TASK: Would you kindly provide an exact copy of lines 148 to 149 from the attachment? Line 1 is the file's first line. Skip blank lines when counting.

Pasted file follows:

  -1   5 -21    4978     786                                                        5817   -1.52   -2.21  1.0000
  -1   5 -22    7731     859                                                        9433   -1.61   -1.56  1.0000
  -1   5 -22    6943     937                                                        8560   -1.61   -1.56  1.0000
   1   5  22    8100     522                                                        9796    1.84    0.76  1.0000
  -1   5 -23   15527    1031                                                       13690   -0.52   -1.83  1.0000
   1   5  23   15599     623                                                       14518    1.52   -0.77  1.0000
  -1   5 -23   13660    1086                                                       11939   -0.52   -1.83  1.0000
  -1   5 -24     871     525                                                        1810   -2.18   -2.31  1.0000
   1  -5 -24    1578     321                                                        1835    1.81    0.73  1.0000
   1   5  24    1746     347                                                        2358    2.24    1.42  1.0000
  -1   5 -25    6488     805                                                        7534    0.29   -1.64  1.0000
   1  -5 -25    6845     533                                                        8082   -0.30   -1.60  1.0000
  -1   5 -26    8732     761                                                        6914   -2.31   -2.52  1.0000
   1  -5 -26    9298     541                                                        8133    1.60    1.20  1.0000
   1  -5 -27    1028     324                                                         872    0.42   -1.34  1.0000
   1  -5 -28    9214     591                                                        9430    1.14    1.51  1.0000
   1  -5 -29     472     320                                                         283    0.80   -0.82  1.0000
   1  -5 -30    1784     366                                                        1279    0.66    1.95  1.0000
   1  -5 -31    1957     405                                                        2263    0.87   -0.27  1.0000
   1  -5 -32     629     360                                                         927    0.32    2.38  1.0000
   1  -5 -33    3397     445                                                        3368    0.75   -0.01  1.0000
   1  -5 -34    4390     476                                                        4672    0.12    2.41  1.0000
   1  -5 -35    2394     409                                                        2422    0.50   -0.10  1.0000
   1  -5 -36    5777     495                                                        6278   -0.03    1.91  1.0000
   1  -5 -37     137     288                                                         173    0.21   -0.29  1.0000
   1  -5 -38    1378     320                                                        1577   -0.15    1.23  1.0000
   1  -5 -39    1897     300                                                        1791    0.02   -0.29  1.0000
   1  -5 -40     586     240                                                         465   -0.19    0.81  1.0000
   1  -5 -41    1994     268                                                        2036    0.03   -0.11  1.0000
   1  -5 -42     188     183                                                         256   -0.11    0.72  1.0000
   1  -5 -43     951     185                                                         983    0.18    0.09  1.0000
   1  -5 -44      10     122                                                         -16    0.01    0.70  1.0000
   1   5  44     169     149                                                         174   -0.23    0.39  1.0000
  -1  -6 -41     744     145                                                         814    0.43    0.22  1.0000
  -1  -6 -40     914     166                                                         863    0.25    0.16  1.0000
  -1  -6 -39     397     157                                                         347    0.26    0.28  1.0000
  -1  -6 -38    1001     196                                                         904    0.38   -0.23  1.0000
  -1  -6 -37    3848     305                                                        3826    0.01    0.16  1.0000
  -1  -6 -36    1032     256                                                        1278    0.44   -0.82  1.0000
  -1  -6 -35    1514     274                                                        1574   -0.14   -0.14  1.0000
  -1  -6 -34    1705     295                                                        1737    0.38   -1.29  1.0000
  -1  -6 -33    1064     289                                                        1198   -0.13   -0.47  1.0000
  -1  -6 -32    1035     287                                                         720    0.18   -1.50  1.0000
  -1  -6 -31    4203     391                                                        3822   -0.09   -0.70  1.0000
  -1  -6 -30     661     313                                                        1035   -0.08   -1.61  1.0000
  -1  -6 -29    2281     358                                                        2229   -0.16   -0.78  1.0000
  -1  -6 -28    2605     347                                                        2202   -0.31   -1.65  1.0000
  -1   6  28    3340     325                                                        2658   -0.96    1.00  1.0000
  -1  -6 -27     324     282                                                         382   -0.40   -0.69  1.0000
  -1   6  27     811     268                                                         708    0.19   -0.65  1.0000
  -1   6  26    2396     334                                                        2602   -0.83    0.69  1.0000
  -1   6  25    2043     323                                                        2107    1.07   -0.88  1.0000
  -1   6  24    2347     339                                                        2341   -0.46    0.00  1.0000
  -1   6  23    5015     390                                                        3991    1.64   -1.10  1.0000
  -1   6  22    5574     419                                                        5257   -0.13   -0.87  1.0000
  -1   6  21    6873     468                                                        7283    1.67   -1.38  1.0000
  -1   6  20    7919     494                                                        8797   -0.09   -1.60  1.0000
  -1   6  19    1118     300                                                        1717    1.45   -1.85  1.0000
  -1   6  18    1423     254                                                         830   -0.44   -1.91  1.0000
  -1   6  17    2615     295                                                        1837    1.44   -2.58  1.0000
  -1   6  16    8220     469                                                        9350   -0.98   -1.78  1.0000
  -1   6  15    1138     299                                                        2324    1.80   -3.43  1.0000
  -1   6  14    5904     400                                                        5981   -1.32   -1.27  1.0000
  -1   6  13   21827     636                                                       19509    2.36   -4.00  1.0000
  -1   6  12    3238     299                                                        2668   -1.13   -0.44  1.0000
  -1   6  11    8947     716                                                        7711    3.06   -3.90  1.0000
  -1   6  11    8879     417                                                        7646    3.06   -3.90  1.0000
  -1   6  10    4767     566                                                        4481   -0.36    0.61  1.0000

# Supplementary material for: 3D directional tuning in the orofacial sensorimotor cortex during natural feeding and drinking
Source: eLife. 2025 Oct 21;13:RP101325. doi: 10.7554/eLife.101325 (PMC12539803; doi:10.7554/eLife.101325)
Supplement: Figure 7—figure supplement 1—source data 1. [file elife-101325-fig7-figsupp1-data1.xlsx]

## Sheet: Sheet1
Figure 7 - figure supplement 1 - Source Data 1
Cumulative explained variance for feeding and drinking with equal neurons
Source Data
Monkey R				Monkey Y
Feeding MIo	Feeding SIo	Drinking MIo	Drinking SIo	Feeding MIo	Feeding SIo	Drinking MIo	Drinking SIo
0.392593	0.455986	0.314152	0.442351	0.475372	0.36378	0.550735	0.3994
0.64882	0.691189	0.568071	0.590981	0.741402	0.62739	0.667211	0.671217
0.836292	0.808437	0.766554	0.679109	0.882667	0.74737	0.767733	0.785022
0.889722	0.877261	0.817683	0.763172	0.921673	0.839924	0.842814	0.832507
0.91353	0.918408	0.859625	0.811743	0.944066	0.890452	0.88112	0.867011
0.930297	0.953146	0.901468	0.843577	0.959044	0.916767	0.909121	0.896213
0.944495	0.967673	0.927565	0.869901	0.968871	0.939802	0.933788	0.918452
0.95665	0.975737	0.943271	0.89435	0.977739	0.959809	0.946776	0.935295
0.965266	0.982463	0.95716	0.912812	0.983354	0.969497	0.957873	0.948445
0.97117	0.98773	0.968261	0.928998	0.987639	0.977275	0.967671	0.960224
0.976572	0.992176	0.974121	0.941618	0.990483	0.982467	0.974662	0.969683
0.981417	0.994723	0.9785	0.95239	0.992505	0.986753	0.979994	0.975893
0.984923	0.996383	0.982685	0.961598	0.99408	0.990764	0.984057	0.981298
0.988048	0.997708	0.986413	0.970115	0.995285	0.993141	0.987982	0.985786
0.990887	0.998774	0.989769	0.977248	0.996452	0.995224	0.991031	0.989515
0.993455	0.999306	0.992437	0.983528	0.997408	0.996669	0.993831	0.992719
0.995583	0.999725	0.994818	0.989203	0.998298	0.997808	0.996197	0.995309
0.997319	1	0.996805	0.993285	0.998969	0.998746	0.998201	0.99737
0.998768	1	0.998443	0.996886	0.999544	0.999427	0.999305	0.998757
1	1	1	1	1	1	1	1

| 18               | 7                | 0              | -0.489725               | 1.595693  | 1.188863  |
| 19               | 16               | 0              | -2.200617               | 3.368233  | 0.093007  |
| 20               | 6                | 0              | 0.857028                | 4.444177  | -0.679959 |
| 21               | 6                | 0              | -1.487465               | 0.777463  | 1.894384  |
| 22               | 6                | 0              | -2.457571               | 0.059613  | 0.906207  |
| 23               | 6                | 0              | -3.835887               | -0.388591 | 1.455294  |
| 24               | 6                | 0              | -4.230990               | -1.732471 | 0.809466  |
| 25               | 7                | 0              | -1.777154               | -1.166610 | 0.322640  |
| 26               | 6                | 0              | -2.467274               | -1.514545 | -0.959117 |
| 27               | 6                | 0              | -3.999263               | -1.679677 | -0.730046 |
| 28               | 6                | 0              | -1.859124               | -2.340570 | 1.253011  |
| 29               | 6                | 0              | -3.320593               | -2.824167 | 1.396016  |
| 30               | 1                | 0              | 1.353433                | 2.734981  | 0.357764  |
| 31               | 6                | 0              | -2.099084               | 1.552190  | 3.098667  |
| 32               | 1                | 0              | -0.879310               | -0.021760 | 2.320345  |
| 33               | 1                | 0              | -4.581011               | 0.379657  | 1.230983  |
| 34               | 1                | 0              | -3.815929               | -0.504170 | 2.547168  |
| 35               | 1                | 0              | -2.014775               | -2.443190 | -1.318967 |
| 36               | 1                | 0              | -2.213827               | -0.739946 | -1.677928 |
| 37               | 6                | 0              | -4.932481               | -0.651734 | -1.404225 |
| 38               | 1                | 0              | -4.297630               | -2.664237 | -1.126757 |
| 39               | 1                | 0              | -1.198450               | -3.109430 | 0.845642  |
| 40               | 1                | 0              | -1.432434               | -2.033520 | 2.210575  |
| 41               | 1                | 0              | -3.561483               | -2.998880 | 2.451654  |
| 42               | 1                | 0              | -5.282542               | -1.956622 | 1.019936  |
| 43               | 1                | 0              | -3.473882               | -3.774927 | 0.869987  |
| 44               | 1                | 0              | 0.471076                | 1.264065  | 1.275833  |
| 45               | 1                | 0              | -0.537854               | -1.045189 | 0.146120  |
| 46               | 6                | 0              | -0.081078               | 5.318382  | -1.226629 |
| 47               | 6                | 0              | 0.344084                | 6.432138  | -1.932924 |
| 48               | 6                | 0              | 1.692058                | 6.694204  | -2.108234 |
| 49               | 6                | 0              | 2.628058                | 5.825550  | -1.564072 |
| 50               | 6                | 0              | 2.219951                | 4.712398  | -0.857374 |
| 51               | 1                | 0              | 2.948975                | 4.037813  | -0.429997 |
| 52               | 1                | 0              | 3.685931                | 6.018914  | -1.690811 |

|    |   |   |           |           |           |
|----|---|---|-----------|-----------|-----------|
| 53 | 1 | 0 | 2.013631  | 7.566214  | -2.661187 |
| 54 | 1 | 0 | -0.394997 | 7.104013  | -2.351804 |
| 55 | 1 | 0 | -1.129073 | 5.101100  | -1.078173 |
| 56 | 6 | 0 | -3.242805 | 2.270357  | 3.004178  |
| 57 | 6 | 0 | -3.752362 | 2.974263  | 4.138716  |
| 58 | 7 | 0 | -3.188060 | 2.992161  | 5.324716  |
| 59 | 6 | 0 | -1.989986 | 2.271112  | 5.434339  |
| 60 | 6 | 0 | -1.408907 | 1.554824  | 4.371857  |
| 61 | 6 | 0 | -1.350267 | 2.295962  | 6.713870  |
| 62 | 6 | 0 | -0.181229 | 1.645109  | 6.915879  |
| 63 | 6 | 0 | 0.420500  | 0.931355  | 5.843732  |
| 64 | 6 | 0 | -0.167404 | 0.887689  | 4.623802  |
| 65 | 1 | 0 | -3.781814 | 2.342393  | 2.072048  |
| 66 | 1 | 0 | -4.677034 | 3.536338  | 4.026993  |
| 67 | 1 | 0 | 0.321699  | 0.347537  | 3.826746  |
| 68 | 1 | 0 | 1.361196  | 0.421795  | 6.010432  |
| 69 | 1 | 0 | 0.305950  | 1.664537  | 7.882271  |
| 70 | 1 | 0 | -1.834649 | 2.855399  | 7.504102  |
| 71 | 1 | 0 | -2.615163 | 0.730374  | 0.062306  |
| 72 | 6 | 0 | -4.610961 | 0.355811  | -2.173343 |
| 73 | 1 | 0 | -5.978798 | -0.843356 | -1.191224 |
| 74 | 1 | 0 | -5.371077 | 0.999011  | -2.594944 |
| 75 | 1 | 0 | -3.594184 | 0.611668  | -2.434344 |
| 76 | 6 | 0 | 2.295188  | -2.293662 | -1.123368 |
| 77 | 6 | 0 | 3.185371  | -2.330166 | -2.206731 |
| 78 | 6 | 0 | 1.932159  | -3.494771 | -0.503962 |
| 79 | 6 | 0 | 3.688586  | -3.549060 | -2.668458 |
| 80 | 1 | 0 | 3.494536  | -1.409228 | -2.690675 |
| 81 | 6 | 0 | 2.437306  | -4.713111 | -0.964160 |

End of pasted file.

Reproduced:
| 66 | 1 | 0 | -4.677034 | 3.536338  | 4.026993  |
| 67 | 1 | 0 | 0.321699  | 0.347537  | 3.826746  |